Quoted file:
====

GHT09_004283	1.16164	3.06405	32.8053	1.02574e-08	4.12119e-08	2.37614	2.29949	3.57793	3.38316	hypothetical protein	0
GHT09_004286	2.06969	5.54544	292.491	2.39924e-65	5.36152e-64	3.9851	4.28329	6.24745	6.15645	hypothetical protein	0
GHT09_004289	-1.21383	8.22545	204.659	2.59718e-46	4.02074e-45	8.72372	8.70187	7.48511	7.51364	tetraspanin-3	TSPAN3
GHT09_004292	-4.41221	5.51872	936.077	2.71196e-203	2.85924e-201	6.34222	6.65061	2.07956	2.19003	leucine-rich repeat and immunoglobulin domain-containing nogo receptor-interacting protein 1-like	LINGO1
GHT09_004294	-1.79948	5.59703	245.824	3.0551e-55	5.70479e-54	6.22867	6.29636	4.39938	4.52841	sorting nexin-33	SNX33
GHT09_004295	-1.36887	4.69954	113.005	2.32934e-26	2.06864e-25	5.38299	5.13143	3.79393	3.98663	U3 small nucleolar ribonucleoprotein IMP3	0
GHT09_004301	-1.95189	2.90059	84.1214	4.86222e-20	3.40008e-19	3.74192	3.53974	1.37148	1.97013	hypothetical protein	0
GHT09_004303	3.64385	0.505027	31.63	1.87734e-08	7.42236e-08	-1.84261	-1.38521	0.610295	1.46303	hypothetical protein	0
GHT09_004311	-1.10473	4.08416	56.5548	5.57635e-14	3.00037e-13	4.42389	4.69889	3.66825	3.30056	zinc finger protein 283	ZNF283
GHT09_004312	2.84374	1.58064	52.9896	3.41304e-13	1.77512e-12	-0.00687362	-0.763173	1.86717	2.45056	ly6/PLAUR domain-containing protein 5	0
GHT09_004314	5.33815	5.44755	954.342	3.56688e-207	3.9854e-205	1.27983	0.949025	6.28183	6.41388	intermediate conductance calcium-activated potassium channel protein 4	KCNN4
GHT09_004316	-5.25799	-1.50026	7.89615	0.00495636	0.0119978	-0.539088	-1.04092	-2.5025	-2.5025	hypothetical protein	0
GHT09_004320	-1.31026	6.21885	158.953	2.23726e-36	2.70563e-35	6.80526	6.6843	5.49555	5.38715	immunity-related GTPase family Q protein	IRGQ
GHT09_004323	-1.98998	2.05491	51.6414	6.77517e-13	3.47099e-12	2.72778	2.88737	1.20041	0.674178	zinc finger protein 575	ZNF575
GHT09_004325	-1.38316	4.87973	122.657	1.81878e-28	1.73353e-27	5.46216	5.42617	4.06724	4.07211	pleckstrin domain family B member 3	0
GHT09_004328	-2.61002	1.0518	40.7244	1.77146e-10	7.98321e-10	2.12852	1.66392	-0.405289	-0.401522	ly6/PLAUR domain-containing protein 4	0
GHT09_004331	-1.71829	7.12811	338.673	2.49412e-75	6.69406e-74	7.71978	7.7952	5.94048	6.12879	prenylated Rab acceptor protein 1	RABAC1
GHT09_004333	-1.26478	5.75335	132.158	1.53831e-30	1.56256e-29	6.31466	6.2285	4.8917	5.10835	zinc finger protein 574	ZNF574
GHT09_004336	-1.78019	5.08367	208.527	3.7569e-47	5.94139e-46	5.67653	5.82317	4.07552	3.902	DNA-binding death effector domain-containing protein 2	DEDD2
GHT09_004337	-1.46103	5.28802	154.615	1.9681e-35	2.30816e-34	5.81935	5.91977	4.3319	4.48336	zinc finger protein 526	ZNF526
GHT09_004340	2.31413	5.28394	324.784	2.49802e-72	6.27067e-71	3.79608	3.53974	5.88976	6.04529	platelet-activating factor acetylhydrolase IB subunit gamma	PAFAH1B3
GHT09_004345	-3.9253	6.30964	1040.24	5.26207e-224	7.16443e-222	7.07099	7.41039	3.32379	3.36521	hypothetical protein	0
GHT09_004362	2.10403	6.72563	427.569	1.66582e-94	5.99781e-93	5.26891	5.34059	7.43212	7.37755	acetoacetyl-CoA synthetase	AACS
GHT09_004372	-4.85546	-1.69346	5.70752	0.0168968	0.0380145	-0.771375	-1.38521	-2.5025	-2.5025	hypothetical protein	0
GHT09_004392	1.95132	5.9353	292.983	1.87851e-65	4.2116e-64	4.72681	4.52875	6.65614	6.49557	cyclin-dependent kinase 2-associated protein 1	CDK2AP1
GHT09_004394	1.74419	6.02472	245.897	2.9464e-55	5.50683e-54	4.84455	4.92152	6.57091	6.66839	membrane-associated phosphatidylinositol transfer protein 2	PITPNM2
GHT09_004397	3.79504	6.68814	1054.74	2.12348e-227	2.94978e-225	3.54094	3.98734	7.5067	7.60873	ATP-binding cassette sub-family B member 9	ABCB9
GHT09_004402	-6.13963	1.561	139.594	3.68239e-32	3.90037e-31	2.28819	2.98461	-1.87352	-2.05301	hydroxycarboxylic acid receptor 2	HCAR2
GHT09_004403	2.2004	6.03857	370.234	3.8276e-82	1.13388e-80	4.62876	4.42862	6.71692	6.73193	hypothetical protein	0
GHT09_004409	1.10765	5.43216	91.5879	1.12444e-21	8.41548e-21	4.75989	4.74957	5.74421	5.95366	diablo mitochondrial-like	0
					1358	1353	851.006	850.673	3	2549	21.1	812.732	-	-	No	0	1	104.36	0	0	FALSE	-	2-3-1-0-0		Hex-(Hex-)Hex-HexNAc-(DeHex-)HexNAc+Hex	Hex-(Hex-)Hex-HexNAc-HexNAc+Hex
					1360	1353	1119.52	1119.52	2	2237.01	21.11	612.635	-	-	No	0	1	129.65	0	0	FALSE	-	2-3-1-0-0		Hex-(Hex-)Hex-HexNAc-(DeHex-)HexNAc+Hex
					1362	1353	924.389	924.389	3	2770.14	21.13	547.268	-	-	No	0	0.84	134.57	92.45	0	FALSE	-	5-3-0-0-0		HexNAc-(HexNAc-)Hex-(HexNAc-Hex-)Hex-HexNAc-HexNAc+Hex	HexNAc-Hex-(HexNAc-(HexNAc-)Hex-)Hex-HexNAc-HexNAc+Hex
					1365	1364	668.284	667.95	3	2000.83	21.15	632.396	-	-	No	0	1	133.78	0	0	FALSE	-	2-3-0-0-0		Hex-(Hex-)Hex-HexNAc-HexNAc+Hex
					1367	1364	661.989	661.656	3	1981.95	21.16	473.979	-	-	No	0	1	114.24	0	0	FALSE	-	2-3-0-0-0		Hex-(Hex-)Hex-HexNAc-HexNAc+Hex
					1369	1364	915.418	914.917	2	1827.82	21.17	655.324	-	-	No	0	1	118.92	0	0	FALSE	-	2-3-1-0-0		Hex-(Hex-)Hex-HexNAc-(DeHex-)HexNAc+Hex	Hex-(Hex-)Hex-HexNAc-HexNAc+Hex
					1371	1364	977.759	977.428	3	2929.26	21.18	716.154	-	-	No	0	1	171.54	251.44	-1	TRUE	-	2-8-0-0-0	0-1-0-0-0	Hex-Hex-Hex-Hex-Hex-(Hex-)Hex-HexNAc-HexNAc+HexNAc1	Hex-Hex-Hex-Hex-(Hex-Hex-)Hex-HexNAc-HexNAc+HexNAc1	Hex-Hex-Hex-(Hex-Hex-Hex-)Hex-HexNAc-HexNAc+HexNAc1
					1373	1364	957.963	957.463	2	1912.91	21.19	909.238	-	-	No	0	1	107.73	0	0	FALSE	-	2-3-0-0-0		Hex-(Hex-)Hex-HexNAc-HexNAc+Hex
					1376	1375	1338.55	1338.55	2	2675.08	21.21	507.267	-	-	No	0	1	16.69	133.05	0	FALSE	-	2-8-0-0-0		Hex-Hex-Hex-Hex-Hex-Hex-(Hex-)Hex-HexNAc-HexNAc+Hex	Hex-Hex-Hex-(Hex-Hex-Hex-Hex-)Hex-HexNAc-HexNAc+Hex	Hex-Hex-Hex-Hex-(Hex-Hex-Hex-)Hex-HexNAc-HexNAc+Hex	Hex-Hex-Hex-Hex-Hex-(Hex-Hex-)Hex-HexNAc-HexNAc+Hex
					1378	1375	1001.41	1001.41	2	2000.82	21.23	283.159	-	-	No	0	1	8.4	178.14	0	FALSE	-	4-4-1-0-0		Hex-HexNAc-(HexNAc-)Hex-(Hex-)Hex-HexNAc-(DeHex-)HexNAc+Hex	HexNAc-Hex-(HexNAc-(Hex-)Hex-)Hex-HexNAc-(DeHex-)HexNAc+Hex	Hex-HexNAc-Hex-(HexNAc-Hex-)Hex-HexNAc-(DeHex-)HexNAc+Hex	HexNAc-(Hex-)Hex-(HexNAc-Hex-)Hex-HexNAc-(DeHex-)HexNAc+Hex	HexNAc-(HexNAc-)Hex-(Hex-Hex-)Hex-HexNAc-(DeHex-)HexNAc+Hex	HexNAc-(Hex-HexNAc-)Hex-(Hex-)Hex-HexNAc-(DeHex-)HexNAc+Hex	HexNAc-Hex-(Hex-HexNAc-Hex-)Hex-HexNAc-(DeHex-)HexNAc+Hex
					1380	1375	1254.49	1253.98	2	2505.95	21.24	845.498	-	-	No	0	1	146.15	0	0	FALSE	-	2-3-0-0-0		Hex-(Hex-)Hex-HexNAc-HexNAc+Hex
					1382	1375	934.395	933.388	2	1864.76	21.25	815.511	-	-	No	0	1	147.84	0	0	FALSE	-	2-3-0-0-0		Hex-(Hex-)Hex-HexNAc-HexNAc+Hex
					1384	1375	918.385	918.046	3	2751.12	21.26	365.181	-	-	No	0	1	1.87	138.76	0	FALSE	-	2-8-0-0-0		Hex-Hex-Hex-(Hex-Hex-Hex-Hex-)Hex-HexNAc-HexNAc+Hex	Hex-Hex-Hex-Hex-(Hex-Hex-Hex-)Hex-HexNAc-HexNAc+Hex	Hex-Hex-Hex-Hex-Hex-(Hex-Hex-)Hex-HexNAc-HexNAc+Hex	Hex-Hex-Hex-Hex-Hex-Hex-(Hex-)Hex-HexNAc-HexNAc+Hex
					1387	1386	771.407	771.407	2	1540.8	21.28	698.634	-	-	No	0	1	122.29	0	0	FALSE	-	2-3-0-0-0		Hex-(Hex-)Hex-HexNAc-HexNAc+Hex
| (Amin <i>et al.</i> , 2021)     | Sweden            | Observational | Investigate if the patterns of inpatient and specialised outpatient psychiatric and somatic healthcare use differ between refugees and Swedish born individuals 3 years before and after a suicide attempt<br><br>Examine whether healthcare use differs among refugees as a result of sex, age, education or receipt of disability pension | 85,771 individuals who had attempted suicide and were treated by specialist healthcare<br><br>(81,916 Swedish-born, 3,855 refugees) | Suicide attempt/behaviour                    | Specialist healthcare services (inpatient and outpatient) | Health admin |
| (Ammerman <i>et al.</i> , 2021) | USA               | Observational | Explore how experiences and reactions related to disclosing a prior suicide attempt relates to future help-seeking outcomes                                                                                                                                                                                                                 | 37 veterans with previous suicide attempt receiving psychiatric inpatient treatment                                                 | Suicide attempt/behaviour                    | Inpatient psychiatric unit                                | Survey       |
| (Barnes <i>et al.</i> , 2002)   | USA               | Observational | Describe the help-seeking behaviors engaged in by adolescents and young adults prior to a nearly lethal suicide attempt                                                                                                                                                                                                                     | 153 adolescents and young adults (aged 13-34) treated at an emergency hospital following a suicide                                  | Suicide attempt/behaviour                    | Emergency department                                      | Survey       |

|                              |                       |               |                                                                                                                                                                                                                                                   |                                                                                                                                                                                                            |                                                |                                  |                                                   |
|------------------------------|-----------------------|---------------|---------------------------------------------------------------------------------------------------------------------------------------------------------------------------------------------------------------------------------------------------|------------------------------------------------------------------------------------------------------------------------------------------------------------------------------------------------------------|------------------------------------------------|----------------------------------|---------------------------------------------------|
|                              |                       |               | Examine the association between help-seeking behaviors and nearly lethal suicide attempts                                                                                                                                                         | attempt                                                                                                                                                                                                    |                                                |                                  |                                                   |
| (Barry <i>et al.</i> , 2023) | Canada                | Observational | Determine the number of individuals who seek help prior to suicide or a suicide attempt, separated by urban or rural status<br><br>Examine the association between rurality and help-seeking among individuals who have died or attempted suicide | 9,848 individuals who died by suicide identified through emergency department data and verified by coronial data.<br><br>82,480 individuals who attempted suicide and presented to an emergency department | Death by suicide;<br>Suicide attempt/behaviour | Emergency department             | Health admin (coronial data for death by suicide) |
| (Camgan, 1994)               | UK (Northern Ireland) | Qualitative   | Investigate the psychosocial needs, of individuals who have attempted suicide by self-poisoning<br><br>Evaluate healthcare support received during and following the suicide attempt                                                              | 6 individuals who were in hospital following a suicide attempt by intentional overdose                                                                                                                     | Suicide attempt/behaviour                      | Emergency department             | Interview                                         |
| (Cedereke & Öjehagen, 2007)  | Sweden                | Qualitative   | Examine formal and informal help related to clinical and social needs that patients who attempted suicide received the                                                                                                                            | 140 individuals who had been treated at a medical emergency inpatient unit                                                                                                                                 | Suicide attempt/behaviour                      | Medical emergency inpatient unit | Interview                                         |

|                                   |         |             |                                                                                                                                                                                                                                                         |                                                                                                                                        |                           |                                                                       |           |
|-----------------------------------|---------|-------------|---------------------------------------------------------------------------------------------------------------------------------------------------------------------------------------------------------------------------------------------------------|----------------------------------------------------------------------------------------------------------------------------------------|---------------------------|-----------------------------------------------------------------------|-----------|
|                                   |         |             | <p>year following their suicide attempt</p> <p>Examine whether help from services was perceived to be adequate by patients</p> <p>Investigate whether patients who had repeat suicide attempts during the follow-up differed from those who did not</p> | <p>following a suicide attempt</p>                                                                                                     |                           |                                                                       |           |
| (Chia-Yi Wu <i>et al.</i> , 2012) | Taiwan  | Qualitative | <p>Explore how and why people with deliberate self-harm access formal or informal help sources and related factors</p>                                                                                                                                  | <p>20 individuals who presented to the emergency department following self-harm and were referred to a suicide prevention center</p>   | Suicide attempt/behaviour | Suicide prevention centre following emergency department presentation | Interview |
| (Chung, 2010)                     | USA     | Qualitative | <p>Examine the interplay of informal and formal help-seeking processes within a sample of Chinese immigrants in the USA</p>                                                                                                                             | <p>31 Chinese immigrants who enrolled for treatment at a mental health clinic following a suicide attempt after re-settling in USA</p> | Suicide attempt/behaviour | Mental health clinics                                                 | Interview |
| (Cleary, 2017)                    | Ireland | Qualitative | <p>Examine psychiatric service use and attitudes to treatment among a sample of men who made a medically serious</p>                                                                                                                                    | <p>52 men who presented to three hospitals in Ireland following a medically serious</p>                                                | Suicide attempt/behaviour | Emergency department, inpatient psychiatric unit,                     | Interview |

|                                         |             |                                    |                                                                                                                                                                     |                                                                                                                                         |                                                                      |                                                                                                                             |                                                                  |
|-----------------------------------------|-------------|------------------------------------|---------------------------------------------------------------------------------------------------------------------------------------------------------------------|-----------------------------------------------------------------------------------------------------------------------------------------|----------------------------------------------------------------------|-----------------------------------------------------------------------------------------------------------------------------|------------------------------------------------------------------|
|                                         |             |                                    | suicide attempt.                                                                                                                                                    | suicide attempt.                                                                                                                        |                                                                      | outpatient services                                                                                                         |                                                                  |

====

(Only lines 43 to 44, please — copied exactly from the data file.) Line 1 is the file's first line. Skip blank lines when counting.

					1384	1375	918.385	918.046	3	2751.12	21.26	365.181	-	-	No	0	1	1.87	138.76	0	FALSE	-	2-8-0-0-0		Hex-Hex-Hex-(Hex-Hex-Hex-Hex-)Hex-HexNAc-HexNAc+Hex	Hex-Hex-Hex-Hex-(Hex-Hex-Hex-)Hex-HexNAc-HexNAc+Hex	Hex-Hex-Hex-Hex-Hex-(Hex-Hex-)Hex-HexNAc-HexNAc+Hex	Hex-Hex-Hex-Hex-Hex-Hex-(Hex-)Hex-HexNAc-HexNAc+Hex
					1387	1386	771.407	771.407	2	1540.8	21.28	698.634	-	-	No	0	1	122.29	0	0	FALSE	-	2-3-0-0-0		Hex-(Hex-)Hex-HexNAc-HexNAc+Hex